Benefits of Breastfeeding: A Nutritional View

by Jeannie Versagli, RDN, CN

Guidelines from the American Academy of Pediatrics (AAP) recommend breastfeeding exclusively for the first six months, yet in 2015 only 57 % of infants were breastfed till 6 months of age.

Healthful Benefits for the Mother and Baby

Breastfeeding offers numerous health and nutritional benefits. 

Breast milk has three different and distinct stages: colostrum, transitional milk, and mature milk.


Colostrum is the first stage of breast milk. The body starts making it during pregnancy and continues to do so for several days after the birth of the baby. It is either yellowish or creamy in color and thicker in consistency than the milk that is produced later. Colostrum is high in protein, fat-soluble vitamins, minerals, and immunoglobulins. Immunoglobulins are antibodies that pass from the mother to the baby and provide passive immunity for the baby. Passive immunity protects the baby from a wide variety of bacterial and viral illnesses. Two to four days after birth, colostrum will be replaced by transitional milk.

Transitional milk

Transitional milk occurs after colostrum and lasts for approximately two weeks. The content of transitional milk includes high levels of fat, lactose, and water-soluble vitamins.  It contains more calories than colostrum.

Mature milk

Mature milk is the final milk that is produced. 90% of it is water, which is necessary to keep the infant hydrated. The other 10% is comprised of carbohydrates, proteins, and fats which are necessary for both growth and energy.

There are two types of mature milk:

Fore-milk: This type of milk is found during the beginning of the feeding and contains water, vitamins, and protein.

Hind-milk: This type of milk occurs after the initial release of milk. It contains higher levels of fat and is necessary for weight gain.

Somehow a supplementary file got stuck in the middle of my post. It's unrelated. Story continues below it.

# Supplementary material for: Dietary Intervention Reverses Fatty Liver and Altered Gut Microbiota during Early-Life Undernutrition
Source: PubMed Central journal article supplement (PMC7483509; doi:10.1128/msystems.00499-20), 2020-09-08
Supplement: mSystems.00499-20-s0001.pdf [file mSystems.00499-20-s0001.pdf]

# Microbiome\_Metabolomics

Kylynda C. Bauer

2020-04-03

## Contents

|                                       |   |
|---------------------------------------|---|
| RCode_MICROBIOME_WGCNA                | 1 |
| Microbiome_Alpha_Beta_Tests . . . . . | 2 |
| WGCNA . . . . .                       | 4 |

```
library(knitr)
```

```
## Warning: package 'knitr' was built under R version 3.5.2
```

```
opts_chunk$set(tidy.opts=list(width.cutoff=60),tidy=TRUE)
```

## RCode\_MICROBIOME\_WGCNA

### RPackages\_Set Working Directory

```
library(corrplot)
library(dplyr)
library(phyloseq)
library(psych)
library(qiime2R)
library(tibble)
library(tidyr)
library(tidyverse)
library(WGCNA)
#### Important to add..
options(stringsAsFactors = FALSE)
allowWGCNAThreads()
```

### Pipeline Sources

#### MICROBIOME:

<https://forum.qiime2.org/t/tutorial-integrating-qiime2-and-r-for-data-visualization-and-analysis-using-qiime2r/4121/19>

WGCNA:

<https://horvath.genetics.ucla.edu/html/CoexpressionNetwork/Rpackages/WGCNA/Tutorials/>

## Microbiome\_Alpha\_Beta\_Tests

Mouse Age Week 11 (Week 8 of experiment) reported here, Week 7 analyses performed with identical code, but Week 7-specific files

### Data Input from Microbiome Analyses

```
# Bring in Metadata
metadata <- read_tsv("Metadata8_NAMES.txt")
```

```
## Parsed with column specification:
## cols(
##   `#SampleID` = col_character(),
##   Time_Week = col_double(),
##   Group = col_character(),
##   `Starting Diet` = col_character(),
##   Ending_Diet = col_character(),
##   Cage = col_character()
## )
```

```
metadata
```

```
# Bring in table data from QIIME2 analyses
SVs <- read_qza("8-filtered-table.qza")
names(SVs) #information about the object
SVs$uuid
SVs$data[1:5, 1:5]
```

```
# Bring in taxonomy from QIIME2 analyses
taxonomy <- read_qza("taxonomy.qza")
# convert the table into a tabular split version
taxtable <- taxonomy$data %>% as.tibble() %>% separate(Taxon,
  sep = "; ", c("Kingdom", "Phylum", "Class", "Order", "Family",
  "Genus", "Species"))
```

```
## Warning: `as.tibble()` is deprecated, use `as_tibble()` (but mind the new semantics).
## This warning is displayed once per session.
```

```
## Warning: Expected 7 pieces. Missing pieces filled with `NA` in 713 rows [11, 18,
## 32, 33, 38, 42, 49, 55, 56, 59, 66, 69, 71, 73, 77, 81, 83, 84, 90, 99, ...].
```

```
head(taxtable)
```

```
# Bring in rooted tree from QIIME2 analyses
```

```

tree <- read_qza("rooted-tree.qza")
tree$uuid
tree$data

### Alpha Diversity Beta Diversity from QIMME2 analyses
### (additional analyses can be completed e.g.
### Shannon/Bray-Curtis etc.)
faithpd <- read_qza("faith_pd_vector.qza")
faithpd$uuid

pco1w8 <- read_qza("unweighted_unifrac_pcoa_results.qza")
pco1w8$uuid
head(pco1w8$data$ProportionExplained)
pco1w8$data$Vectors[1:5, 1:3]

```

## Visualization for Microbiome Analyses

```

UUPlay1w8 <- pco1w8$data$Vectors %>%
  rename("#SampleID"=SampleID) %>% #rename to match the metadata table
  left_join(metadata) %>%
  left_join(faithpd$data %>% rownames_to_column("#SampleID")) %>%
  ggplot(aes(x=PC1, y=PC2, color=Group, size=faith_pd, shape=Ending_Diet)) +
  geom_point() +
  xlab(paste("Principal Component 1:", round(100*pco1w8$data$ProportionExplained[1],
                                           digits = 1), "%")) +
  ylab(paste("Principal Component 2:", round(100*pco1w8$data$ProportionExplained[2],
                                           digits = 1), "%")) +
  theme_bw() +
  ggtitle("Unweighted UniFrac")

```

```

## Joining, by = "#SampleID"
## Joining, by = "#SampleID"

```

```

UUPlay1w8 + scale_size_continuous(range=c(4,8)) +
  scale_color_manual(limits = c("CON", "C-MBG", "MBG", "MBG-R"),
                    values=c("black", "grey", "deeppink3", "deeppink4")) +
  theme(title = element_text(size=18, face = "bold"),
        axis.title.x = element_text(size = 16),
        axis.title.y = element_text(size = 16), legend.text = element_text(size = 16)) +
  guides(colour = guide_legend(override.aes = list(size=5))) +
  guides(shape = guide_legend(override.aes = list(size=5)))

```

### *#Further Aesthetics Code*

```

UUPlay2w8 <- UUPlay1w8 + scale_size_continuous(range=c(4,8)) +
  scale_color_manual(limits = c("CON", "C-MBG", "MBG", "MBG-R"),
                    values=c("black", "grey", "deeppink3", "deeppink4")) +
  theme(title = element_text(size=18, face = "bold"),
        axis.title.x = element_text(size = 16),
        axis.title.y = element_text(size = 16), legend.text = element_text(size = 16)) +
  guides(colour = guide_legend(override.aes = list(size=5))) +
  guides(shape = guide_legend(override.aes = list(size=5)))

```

Both fore-milk and hind-milk are necessary when breastfeeding to ensure the baby is receiving adequate nutrition to grow and develop properly.

Breast milk also contains oligosaccharides which are prebiotics that supports healthy microbiota colonization in the gut and intestinal mucosa. It has been suggested that infants that are breastfed, have a higher rate of diverse microbiome than formula-fed infants. Infant formula companies are now looking into developing formulas with oligosaccharides to aid in improving the formula to promote a healthier gut.

Benefits for infants and babies

Infants and babies that consume breast milk have a lower rate of gastrointestinal infections, celiac disease, irritable bowel disease, diabetes one and two, eczema, asthma, ear infections, and respiratory infections. Because breast milk is easier to digest, there are fewer incidences of GI distress as well.   Babies taking breast milk develop more leptin, a hormone that regulates appetite and influences fat storage. This increase results in fewer incidents of becoming overweight or obese later in life. Infants that are breastfed on demand have been found to have better control of their appetite and eating when introduced to solid foods.